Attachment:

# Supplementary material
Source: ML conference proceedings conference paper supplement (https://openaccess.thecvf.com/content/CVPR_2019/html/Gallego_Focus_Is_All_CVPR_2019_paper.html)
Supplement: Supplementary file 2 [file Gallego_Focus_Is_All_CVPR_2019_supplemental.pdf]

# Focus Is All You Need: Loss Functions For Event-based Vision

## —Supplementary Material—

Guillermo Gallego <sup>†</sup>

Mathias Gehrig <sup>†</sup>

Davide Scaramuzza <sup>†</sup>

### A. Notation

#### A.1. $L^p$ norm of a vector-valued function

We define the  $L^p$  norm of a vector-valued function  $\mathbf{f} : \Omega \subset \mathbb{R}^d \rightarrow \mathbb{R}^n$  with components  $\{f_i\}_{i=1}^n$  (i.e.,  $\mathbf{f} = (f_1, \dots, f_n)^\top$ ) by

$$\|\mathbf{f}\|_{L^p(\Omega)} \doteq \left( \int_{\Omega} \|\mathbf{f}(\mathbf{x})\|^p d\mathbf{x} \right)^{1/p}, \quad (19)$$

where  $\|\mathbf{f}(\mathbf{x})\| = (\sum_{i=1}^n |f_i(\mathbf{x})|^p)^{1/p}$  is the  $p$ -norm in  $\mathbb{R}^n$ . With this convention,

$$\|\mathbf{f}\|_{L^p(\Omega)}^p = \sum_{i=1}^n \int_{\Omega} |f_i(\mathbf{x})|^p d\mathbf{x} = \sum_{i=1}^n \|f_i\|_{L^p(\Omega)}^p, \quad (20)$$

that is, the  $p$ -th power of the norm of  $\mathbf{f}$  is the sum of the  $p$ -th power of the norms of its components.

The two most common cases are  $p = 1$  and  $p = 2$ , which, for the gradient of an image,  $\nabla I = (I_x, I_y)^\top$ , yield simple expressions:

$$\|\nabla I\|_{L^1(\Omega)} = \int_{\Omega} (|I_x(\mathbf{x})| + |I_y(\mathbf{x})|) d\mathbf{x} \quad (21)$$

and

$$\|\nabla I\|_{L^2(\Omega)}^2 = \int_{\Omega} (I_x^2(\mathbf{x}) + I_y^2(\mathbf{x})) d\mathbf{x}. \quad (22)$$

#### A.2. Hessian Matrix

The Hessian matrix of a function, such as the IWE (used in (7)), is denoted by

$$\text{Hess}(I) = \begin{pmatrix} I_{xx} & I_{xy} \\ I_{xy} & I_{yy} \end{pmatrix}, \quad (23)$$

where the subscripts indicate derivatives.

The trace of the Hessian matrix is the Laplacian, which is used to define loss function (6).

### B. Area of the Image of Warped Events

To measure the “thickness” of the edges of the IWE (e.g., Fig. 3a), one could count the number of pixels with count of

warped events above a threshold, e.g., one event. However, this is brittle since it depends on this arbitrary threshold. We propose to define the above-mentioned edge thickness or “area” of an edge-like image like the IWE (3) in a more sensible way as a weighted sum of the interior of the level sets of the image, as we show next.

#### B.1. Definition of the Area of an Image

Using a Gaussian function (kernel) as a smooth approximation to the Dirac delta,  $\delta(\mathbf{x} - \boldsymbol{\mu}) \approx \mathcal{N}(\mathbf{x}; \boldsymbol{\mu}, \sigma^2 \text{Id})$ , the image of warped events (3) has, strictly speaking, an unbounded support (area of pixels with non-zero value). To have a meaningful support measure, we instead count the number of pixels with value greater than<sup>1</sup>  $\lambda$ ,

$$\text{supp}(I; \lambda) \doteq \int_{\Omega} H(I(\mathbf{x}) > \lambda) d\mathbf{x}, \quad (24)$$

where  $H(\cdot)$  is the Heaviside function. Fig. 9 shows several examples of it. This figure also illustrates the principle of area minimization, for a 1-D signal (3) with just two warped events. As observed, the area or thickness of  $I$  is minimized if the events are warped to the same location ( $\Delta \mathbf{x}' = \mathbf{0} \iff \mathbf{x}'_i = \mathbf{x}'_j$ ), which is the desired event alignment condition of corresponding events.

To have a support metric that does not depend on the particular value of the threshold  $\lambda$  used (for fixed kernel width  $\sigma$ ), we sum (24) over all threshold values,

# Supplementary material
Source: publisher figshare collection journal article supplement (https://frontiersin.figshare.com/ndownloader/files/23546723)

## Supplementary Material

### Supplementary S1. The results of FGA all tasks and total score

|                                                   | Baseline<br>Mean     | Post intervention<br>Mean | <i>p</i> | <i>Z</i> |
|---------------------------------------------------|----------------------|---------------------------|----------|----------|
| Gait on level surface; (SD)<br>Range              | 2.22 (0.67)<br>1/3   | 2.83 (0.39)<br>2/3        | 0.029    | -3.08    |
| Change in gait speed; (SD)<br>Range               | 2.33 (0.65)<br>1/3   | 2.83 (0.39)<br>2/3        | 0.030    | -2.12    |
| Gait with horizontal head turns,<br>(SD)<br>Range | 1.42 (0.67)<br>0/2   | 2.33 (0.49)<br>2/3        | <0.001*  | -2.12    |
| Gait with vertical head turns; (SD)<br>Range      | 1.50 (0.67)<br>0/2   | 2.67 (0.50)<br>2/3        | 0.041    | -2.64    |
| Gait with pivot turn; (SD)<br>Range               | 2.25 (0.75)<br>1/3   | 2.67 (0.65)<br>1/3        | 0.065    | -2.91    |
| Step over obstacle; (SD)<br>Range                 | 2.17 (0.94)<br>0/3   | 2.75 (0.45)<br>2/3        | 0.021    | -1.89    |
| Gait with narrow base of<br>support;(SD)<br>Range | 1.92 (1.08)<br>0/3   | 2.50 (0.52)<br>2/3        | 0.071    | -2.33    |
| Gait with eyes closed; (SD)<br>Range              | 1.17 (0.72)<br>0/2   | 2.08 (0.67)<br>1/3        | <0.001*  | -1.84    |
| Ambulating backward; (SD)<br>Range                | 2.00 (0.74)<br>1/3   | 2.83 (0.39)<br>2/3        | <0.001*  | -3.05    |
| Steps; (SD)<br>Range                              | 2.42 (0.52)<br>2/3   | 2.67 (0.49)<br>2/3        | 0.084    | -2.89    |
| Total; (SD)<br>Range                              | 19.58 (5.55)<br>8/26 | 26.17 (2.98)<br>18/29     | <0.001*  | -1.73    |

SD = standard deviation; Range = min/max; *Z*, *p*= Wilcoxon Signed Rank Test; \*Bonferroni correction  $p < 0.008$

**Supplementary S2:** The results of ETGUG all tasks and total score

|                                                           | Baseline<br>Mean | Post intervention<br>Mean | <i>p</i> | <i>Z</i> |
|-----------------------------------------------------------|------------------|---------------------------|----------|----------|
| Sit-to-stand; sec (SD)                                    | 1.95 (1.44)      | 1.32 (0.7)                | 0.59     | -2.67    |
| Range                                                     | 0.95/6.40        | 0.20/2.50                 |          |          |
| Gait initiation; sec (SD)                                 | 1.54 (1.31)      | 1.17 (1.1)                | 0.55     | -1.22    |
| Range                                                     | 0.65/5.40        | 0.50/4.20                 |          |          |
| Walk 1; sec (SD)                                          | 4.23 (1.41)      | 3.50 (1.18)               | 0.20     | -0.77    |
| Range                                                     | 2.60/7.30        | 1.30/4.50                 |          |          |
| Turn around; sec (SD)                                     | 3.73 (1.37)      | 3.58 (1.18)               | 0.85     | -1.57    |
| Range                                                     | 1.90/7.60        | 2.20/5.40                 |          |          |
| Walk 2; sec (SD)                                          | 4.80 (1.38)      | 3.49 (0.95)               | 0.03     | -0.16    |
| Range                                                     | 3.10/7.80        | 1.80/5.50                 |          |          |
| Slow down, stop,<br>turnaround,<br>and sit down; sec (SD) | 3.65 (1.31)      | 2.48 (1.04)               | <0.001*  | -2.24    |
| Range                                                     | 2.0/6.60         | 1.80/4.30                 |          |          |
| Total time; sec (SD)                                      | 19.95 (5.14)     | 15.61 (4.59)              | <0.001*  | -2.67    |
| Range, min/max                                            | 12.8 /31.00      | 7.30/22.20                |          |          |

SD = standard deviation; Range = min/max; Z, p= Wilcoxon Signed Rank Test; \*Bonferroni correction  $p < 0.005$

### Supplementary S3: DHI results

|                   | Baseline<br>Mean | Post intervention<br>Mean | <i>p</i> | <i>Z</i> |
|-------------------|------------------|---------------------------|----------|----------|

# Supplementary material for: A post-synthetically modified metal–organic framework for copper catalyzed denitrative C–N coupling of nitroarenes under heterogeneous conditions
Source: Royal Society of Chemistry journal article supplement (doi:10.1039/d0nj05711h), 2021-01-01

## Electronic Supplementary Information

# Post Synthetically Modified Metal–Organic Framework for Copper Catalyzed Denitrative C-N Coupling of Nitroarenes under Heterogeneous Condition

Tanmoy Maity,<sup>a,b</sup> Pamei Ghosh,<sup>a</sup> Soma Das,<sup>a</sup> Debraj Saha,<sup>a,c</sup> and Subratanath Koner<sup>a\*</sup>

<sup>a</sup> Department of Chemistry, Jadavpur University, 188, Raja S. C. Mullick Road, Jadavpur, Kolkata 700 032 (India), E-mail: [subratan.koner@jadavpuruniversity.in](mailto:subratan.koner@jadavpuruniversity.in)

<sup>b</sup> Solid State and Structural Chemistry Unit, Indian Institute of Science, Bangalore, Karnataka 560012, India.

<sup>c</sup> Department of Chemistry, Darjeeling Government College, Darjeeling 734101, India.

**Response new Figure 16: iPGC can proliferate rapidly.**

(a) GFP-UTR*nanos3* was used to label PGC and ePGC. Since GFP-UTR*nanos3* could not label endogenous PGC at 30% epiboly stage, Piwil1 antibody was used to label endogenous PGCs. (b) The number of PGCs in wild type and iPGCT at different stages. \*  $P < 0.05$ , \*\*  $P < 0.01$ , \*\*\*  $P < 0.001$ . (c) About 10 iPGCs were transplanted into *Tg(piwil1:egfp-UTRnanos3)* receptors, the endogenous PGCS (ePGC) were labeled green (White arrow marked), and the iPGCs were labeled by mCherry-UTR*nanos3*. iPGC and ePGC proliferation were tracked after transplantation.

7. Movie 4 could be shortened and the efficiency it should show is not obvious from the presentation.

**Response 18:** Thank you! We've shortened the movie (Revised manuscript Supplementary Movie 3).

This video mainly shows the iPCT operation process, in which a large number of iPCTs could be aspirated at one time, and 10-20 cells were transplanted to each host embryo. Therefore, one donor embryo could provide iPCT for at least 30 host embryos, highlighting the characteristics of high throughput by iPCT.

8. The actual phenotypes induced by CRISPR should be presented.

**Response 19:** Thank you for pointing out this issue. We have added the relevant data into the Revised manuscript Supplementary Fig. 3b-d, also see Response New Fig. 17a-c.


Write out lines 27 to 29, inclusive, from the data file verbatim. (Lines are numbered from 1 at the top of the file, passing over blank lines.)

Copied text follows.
warped events above a threshold, e.g., one event. However, this is brittle since it depends on this arbitrary threshold. We propose to define the above-mentioned edge thickness or “area” of an edge-like image like the IWE (3) in a more sensible way as a weighted sum of the interior of the level sets of the image, as we show next.

#### B.1. Definition of the Area of an Image

Using a Gaussian function (kernel) as a smooth approximation to the Dirac delta,  $\delta(\mathbf{x} - \boldsymbol{\mu}) \approx \mathcal{N}(\mathbf{x}; \boldsymbol{\mu}, \sigma^2 \text{Id})$ , the image of warped events (3) has, strictly speaking, an unbounded support (area of pixels with non-zero value). To have a meaningful support measure, we instead count the number of pixels with value greater than<sup>1</sup>  $\lambda$ ,